Baby Driver (2017) review: Car Car Land*

Film

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Director: Edgar Wright Writer: Edgar Wright Stars: Ansel Elgort, Jon Bernthal, Jon Hamm 

*I thought of this pun during the film, then was disappointed to discover Edgar Wright had already used it for an event he curated at the BFI. GREAT MINDS is what I say. It’s not stealing. Really.

Synopsis: “A talented, young getaway driver (Ansel Elgort) relies on the beat of his personal soundtrack to be the best in the game. But after being coerced into working for a crime boss (Kevin Spacey), he must face the music when a doomed heist threatens his life, love and freedom.”

Sometimes you go into a cinema showing with your expectations so high you inwardly know you’re sabotaging what you’re about to watch. I LOVE Edgar Wright. Everything he has done to date has been funny, clever, witty and all with an unmistakably Edgar Wright feel.  You can spot his hyper-pop, music-loving, rapid-fire style a mile off, and that’s not an easy feat. He’s also read my blog, so that clearly means he’s a man of taste.

Here comes the but… I found myself mildly disappointed in Baby Driver. The reviews from friends who’d seen previews were glowing. In a they’d-bought-the-soundtrack-and-were-champing-at-the-bit-to-see-it-a-second-time kind of glowing. In a summer that has so far has given us stinkers like Pirates 5 (I can’t even be bothered to check if that’s the correct  number, that’s how much I care about the Pirates of the Caribbean films). Transformers: The Last Knight and The Mummy reboot, it seemed no Rotten Tomatoes score would edge over 30%. Baby Driver appeared like ray of light beaming down on the cinematic universe sewage. An original film with a great soundtrack, great cast and director with a lot to prove.

The opening 20 minutes are stunning. From the tinnitus that accompanies the studio logo and first few frames, to the carefully choreographed ballet of the opening heist, to Baby grabbing a coffee and singing along while the lyrics play out in graffiti and signs on the street behind him, this is an all-time great start to a film. Every step, every shot, every extra conveys something. It’s clever, it’s cool and it filled me with joy. I was fully prepared for Baby Driver to instantly go into my top ten films of all time. However it just didn’t quite keep up that glorious early pace.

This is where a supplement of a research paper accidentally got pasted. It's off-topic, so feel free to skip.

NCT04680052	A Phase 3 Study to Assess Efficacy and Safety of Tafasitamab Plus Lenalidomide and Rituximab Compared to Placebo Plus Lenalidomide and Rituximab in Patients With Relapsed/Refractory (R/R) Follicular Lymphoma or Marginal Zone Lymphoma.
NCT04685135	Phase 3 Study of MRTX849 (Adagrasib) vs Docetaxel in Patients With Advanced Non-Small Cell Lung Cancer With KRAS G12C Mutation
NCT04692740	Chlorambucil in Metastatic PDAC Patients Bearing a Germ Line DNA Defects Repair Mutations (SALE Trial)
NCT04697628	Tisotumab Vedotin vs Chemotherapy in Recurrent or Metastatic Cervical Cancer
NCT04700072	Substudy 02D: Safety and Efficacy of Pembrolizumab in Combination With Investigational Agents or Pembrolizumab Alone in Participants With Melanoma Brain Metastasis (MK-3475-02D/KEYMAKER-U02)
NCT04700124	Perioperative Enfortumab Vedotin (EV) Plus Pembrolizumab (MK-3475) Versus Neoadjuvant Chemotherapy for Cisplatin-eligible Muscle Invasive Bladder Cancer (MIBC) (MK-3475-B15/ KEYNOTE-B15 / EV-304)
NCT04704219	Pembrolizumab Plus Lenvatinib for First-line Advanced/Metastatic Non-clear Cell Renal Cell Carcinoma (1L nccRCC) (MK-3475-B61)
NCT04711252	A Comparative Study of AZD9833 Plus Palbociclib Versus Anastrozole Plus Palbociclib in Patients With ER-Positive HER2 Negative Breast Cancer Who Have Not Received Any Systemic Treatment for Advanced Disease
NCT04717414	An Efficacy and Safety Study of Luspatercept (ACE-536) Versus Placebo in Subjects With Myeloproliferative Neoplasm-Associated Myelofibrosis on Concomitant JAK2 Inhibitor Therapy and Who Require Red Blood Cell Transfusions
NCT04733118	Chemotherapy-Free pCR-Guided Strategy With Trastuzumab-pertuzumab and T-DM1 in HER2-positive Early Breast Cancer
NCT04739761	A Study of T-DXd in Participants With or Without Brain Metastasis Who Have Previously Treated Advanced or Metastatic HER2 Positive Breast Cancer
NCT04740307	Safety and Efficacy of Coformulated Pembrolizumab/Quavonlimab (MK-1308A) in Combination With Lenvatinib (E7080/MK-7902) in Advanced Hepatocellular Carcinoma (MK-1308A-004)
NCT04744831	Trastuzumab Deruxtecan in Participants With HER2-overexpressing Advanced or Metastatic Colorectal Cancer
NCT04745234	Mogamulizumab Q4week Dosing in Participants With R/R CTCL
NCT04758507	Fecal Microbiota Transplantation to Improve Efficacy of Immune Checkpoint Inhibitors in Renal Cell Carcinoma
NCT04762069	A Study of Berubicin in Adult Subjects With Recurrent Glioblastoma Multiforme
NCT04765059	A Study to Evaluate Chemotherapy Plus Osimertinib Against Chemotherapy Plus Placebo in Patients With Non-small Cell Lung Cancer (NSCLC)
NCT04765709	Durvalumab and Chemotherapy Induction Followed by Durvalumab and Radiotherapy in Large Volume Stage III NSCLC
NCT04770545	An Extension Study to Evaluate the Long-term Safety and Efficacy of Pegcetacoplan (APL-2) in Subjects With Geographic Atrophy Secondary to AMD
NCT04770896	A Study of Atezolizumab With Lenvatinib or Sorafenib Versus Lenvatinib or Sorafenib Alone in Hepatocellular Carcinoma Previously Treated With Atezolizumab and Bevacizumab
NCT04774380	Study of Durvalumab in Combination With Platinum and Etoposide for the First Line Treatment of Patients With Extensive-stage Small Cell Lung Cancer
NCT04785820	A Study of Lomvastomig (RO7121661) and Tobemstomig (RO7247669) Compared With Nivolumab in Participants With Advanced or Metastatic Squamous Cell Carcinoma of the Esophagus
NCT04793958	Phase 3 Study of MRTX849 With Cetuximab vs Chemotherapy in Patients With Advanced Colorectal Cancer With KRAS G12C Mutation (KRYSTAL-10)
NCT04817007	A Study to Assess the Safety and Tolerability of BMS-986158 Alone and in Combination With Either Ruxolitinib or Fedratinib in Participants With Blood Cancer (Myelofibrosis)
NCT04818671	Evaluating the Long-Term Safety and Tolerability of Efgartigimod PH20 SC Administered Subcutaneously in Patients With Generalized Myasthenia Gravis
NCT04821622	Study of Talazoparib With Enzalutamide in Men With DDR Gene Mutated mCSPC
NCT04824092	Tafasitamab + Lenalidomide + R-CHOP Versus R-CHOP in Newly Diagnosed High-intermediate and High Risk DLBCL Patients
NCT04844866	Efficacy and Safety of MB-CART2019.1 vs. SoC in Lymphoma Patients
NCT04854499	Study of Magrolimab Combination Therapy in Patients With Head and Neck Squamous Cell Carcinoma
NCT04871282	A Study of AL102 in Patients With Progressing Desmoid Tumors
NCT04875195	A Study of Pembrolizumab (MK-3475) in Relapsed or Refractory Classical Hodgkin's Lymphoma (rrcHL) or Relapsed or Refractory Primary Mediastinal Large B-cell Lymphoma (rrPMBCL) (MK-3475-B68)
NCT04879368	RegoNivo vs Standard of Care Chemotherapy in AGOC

We start the film firmly in Baby’s world, witnessing events from his point of view, from the glorious heist set to Jon Spencer Blues Explosion’s ‘Bellbottoms’ (if you don’t own it already you should check out Orange) to the charming scene with his foster father Joseph demanding his peanut butter be spread right to the edges.

By the time Baby has witnessed the first on-screen death (there have been so many previous heists the assumption is this isn’t the first one there has been) the pace starts to slow. We start seeing how the world sees Baby and the initial joy starts to fade. No longer do we have Baby singing and dancing, instead we’re given his passive facade behind shades, looking increasingly moody and uncomfortable with the situation he has become trapped in, leading to a dramatic and tense conclusion.

The music and the visuals are so much fun, and the film really could have been dubbed ‘Car Car Land’ (see above for credit to Edgar Wright) for it’s marriage of car chases and classic musical elements, but it was the narrative which let it down a little for me.

The romance between Baby and Debora (Lily James) is a wonderful hybrid of John Hughes and Quentin Tarantino. Baby’s relationship with Joseph (CJ Jones) is sweet and touching. There is something about his interactions with the criminal gang of Doc (Kevin Spacey on fine Spacey-esque form) which just didn’t quite ring true.

The female characters were also somewhat underwritten. Debora is very charming, but she very much falls into the good old manic pixie dream girl trope, and Darling (Eliza Gonzalez) could be summed up as ‘hot drug-addict, lapdancer and wife’. Some of the decisions the characters make also seem to be somewhat pulled out of a hat. But then I guess heist films aren’t subtle, so maybe I am asking too much for the characters to be given nuance or subtlety when so much of the film is so very loud, and extended backstories would undoubtedly have slowed the pace.

Of special note is the fact that Jon Hamm somehow remains attractive in the role of Buddy, Darling’s husband, despite the dodgy haircut and neck tattoos. He also seems to be having the time of his life playing the role, which makes it a joy to watch.

Baby Driver is a fun, fast-paced, popcorn flick that shows Edgar Wright is a director at the height of his game (and clearly has a kick-ass music collection), the narrative just tends to rely a little too heavily on familiar tropes when it could have been as original and exiting as the audio and visuals.

8 out of 10

 

 

I, Daniel Blake (2016) review: a passionate and gut-wrenching look at modern Britain

Film

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Director: Ken Loach   Writer: Paul Laverty (screenplay)

Stars: Dave Johns, Hayley Squires, Sharon Percy